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'Sanctuary' communities won't get DOJ money, so will MN be affected?

None of Minnesota's communities consider themselves "sanctuary" – though a few step closer to it than others.

The Department of Justice has an estimated $4.1 billion in grants it expects to award this year.

But if you'e a "sanctuary city" – meaning you don't arrest or detain illegal immigrants and don’t cooperate with federal immigration officials – your access to those grants might be cut off.

Attorney General Jeff Sessions, who heads the Department of Justice, came down against such sanctuary cities Monday as blatant rulebreakers that "make our nation less safe by putting dangerous criminals back on our streets."

And to deter those cities from continuing to be uncooperative, Sessions dangled those $4.1 billion in grants, saying the department will require any jurisdictions that apply for some of the money comply with this federal law in order to get the dough.

The DOJ will also be doing everything it can legally to "claw-back" any funds that had been awarded to jurisdictions that violate the law.

Why? It makes American communities less safe when local authorities have policies "designed to frustrate the enforcement of our immigration laws," Sessions said.

"I urge our nation’s states and cities to consider carefully the harm they are doing to their citizens by refusing to enforce our immigration laws, and to re-think these policies," he continued.

Will this affect Minnesota?

Any jurisdictions in Minnesota that want DOJ grant money would have to be found compliant with federal law – or might be out of luck for grant money. Whether that would actually happen isn't clear right now.

The three most high-profile jurisdictions to brush up against this new policy would be Minneapolis, St. Paul, and the Hennepin County Sheriff's Office.

Neither Minneapolis or St. Paul use the term "sanctuary city" (which, it's worth noting, doesn't have a consistent or legal definition). Instead, both have separation ordinances: laws that make it clear local law enforcement officers will not do the work of federal immigration agents.

St. Paul Mayor Chris Coleman, in the Pioneer Press, wrote about how it works in St. Paul. Basically, no city staff – including police officers – will ask someone for their immigration status. Anyone who lives there can be comfortable using emergency services.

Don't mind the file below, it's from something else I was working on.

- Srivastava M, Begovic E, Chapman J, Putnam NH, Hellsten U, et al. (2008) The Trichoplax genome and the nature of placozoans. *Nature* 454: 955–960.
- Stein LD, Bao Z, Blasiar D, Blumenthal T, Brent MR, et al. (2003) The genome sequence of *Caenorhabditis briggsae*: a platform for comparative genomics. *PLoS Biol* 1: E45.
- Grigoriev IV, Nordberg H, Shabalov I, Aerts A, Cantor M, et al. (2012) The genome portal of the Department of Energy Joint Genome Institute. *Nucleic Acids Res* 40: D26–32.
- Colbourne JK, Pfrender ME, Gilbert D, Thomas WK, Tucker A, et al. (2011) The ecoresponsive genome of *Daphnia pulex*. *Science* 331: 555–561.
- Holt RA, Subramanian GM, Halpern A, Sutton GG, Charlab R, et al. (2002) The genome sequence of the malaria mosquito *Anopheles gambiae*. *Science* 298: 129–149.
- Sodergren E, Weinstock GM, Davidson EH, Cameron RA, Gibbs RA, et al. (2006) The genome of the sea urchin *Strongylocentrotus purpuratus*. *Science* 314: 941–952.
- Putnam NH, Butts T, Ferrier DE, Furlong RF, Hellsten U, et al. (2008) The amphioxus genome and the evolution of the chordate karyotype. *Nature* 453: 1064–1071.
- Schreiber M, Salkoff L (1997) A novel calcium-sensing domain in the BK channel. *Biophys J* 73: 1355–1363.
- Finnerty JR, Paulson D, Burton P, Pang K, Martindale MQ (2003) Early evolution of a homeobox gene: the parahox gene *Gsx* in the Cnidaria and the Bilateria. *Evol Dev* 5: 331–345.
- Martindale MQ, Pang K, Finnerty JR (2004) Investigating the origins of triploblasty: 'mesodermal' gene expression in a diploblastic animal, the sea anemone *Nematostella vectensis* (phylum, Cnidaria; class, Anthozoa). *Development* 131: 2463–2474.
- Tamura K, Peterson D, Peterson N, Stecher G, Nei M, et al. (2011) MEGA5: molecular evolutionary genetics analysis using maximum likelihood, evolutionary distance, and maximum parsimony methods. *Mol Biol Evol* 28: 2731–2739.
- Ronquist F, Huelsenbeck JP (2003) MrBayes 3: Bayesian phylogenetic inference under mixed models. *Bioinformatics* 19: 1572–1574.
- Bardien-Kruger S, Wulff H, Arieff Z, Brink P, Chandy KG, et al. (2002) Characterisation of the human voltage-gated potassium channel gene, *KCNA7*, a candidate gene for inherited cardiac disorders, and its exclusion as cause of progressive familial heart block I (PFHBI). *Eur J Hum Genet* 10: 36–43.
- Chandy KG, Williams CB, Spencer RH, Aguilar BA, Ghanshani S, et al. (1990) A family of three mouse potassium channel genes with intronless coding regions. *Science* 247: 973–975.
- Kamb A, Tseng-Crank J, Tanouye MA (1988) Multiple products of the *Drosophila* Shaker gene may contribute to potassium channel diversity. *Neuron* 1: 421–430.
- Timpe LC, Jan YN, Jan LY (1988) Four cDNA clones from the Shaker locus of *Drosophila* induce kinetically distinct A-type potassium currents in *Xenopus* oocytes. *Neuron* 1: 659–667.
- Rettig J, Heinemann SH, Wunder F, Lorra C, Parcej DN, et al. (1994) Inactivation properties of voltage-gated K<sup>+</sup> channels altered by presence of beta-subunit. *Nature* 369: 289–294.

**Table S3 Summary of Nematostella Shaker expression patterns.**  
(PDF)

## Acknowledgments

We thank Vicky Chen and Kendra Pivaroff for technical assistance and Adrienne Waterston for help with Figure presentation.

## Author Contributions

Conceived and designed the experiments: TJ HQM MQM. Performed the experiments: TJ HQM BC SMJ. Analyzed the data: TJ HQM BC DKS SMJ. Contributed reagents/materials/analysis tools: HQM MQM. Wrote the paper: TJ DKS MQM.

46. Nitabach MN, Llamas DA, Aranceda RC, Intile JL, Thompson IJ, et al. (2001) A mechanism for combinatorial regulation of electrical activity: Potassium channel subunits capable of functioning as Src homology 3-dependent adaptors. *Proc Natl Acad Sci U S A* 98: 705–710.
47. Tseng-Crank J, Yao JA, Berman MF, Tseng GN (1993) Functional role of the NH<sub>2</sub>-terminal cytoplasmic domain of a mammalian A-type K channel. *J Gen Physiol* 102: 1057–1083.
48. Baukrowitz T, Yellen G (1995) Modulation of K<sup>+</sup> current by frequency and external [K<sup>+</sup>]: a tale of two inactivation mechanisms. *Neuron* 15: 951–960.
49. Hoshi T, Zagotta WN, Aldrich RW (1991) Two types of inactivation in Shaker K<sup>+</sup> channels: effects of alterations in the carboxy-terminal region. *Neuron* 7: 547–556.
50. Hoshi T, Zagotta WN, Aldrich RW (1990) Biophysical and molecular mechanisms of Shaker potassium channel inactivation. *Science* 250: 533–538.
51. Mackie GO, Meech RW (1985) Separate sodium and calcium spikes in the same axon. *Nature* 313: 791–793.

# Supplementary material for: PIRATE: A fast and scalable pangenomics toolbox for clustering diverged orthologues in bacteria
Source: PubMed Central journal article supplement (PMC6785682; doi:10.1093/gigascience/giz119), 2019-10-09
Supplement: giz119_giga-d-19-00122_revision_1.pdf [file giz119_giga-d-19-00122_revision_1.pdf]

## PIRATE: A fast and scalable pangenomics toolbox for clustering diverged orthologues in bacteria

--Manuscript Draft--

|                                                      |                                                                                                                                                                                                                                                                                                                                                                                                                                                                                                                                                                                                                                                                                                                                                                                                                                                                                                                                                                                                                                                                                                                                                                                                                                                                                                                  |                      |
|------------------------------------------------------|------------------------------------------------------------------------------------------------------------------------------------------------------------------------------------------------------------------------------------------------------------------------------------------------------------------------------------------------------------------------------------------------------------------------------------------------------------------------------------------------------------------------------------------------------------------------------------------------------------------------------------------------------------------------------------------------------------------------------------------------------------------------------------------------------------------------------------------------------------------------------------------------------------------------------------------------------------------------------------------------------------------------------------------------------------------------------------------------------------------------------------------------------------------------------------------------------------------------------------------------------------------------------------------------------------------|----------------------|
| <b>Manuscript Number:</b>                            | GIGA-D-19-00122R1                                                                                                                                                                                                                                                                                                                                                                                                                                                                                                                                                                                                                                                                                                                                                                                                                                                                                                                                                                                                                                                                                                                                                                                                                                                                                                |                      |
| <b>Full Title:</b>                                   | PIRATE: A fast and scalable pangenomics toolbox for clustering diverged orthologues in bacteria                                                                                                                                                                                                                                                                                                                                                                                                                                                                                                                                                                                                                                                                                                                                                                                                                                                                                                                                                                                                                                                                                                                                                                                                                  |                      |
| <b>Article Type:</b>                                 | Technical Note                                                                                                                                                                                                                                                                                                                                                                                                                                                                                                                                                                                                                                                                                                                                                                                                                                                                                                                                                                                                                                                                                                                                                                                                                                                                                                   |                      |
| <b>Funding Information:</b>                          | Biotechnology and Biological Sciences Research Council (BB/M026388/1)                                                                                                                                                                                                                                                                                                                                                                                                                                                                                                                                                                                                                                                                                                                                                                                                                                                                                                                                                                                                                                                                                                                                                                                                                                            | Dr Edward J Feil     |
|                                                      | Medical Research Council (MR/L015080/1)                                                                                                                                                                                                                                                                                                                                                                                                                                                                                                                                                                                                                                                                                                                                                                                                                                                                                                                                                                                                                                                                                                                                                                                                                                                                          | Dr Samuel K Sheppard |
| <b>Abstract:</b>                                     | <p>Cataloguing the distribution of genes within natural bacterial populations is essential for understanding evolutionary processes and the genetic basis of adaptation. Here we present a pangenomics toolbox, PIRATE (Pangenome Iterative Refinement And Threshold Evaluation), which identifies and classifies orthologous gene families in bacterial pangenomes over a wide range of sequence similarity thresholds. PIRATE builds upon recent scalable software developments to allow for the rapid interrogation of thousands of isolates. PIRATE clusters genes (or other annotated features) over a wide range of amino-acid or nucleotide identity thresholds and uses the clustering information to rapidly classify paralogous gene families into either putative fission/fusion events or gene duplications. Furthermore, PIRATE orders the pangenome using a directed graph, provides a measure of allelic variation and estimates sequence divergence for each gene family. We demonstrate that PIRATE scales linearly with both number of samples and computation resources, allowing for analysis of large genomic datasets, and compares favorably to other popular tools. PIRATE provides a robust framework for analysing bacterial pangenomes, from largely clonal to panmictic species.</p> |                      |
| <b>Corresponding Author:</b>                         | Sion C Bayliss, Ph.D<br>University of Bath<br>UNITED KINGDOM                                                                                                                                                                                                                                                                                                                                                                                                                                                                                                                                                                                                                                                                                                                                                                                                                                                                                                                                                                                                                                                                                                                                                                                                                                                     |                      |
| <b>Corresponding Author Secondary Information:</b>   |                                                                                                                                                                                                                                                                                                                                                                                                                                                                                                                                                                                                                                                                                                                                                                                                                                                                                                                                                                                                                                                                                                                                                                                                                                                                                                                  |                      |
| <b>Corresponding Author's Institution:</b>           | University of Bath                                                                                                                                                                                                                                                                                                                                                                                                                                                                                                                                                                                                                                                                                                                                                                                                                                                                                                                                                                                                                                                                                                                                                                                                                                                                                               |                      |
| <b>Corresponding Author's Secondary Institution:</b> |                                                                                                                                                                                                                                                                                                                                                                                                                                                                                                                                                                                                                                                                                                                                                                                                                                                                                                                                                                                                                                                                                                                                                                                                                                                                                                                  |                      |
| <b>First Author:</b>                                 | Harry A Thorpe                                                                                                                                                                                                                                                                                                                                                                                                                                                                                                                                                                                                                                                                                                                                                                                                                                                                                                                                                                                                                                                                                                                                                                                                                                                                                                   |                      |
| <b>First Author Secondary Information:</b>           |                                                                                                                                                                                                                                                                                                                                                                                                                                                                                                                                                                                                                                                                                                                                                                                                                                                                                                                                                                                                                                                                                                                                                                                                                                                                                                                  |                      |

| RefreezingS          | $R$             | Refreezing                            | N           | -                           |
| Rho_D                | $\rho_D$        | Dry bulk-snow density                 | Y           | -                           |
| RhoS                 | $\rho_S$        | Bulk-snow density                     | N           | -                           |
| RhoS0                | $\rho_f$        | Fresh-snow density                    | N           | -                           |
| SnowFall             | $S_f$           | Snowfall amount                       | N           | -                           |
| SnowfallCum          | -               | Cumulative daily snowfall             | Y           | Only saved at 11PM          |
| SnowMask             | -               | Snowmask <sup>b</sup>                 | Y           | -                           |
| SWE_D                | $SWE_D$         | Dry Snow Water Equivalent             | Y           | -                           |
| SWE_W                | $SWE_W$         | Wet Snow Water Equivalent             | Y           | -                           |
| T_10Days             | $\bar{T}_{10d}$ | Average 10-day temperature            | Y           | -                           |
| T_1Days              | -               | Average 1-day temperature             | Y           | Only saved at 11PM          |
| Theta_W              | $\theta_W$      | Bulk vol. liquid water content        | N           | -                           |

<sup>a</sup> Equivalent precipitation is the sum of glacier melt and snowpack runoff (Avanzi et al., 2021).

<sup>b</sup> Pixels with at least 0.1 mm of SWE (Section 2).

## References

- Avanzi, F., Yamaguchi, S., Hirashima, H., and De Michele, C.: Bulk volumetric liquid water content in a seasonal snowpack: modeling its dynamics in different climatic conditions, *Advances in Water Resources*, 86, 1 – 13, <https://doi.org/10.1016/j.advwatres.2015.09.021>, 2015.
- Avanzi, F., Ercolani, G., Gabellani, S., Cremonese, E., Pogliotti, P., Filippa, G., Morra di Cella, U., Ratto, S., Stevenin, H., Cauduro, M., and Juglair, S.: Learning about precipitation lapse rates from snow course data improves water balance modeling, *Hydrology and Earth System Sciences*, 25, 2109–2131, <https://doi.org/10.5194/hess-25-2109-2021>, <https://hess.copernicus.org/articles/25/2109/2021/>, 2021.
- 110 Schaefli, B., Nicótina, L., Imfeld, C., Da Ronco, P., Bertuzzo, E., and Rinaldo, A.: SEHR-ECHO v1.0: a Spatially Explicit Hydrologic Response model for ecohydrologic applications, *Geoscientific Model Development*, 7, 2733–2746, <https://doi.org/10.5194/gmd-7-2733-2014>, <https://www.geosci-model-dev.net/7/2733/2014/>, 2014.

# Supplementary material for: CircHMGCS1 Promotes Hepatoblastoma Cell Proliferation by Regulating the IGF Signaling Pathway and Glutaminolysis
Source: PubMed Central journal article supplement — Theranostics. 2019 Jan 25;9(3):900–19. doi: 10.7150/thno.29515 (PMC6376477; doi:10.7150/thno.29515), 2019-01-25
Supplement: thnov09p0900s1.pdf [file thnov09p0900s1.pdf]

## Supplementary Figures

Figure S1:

But if someone is suspected of committing a crime, they will be investigated as appropriate, with any federal immigration violations that might come up being handled by the feds.

Minneapolis has a similar separation ordinance. Mayor Betsy Hodges – when stricter immigration policies were announced in January – said the city would "continue to aggressively defend this common-sense practice." She also said city attorneys would make recommendations for how to respond if federal funds were to get cut.

How much would that be? A a city spokesperson told GoMN Minneapolis has received about $5.4 million in DOJ grants over the past five years, for things like body camera programs, group violence intervention, and more.

Hodges also reiterated her earlier comments, writing on Facebook Monday evening that President Donald Trump "continues to try to punish cities that are standing for our people — all of our people."

Then there's the Hennepin County Sheriff's Office, which is labeled as a "sanctuary" jurisdiction by the Center for Immigration Studies. But like both the Twin Cities, that office doesn't use the term "sanctuary."

The center's listing refers to a decision made in 2014, when the office said it would no longer comply with detainer requests from ICE to hold people an extra 48 hours at the county jail. That decision was made after new directives from ICE, as well as federal court decisions, determined those requests were discretionary – not mandatory – the sheriff explained at the time.

The county was also on a recent list of jurisdictions that the Department of Homeland Security says did not comply with immigration laws. Though Sheriff Rich Stanek said that list was misleading, and reiterated the county is not a sanctuary for criminals.

We've reached out to the sheriff's office for a comment, and will update this post if we hear back.

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